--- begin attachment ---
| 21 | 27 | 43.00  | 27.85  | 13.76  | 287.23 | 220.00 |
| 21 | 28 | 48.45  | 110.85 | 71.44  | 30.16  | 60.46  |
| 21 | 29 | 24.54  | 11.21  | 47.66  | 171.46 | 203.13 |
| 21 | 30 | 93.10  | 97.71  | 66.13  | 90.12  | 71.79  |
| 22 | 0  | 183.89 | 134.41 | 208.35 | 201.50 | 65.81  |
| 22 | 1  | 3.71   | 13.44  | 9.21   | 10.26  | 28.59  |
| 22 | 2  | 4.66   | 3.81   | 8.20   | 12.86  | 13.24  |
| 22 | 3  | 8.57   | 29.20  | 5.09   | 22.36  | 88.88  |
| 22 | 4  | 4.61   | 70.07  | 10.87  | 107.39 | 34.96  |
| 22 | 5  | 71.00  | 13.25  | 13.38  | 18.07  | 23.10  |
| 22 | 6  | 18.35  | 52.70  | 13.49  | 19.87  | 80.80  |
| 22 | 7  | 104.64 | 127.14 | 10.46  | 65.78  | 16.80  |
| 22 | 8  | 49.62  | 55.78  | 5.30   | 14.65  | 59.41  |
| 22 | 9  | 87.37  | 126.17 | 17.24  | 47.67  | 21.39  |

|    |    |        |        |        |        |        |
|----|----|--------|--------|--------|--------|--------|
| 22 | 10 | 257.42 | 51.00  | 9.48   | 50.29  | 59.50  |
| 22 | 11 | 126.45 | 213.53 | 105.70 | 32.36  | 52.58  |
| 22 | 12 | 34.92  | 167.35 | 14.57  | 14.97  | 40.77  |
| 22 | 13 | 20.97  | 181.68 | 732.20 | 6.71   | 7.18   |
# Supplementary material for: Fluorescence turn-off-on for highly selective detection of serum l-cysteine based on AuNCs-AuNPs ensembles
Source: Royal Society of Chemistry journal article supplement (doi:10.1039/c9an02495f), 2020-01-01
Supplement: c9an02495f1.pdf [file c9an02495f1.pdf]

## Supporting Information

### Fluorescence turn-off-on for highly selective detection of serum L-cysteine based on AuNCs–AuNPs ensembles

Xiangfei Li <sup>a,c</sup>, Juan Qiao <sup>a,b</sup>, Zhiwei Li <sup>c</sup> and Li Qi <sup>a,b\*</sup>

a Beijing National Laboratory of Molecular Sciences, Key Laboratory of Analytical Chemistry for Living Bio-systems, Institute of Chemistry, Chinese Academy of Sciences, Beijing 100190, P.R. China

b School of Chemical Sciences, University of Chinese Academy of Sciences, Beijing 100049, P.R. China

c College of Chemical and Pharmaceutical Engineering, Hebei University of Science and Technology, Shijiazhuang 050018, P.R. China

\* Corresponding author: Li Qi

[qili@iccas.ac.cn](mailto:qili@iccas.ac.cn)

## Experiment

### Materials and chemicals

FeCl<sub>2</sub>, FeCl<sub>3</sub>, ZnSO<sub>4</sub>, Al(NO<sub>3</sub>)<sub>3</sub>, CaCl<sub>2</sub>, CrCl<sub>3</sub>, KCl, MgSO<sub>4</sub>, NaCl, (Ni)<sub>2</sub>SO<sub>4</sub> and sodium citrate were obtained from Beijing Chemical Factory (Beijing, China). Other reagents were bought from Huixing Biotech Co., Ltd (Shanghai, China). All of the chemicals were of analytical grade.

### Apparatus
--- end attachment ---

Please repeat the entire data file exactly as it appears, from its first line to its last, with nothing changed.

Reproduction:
| 21 | 27 | 43.00  | 27.85  | 13.76  | 287.23 | 220.00 |
| 21 | 28 | 48.45  | 110.85 | 71.44  | 30.16  | 60.46  |
| 21 | 29 | 24.54  | 11.21  | 47.66  | 171.46 | 203.13 |
| 21 | 30 | 93.10  | 97.71  | 66.13  | 90.12  | 71.79  |
| 22 | 0  | 183.89 | 134.41 | 208.35 | 201.50 | 65.81  |
| 22 | 1  | 3.71   | 13.44  | 9.21   | 10.26  | 28.59  |
| 22 | 2  | 4.66   | 3.81   | 8.20   | 12.86  | 13.24  |
| 22 | 3  | 8.57   | 29.20  | 5.09   | 22.36  | 88.88  |
| 22 | 4  | 4.61   | 70.07  | 10.87  | 107.39 | 34.96  |
| 22 | 5  | 71.00  | 13.25  | 13.38  | 18.07  | 23.10  |
| 22 | 6  | 18.35  | 52.70  | 13.49  | 19.87  | 80.80  |
| 22 | 7  | 104.64 | 127.14 | 10.46  | 65.78  | 16.80  |
| 22 | 8  | 49.62  | 55.78  | 5.30   | 14.65  | 59.41  |
| 22 | 9  | 87.37  | 126.17 | 17.24  | 47.67  | 21.39  |

|    |    |        |        |        |        |        |
|----|----|--------|--------|--------|--------|--------|
| 22 | 10 | 257.42 | 51.00  | 9.48   | 50.29  | 59.50  |
| 22 | 11 | 126.45 | 213.53 | 105.70 | 32.36  | 52.58  |
| 22 | 12 | 34.92  | 167.35 | 14.57  | 14.97  | 40.77  |
| 22 | 13 | 20.97  | 181.68 | 732.20 | 6.71   | 7.18   |
# Supplementary material for: Fluorescence turn-off-on for highly selective detection of serum l-cysteine based on AuNCs-AuNPs ensembles
Source: Royal Society of Chemistry journal article supplement (doi:10.1039/c9an02495f), 2020-01-01
Supplement: c9an02495f1.pdf [file c9an02495f1.pdf]

## Supporting Information

### Fluorescence turn-off-on for highly selective detection of serum L-cysteine based on AuNCs–AuNPs ensembles

Xiangfei Li <sup>a,c</sup>, Juan Qiao <sup>a,b</sup>, Zhiwei Li <sup>c</sup> and Li Qi <sup>a,b\*</sup>

a Beijing National Laboratory of Molecular Sciences, Key Laboratory of Analytical Chemistry for Living Bio-systems, Institute of Chemistry, Chinese Academy of Sciences, Beijing 100190, P.R. China

b School of Chemical Sciences, University of Chinese Academy of Sciences, Beijing 100049, P.R. China

c College of Chemical and Pharmaceutical Engineering, Hebei University of Science and Technology, Shijiazhuang 050018, P.R. China

\* Corresponding author: Li Qi

[qili@iccas.ac.cn](mailto:qili@iccas.ac.cn)

## Experiment

### Materials and chemicals

FeCl<sub>2</sub>, FeCl<sub>3</sub>, ZnSO<sub>4</sub>, Al(NO<sub>3</sub>)<sub>3</sub>, CaCl<sub>2</sub>, CrCl<sub>3</sub>, KCl, MgSO<sub>4</sub>, NaCl, (Ni)<sub>2</sub>SO<sub>4</sub> and sodium citrate were obtained from Beijing Chemical Factory (Beijing, China). Other reagents were bought from Huixing Biotech Co., Ltd (Shanghai, China). All of the chemicals were of analytical grade.

### Apparatus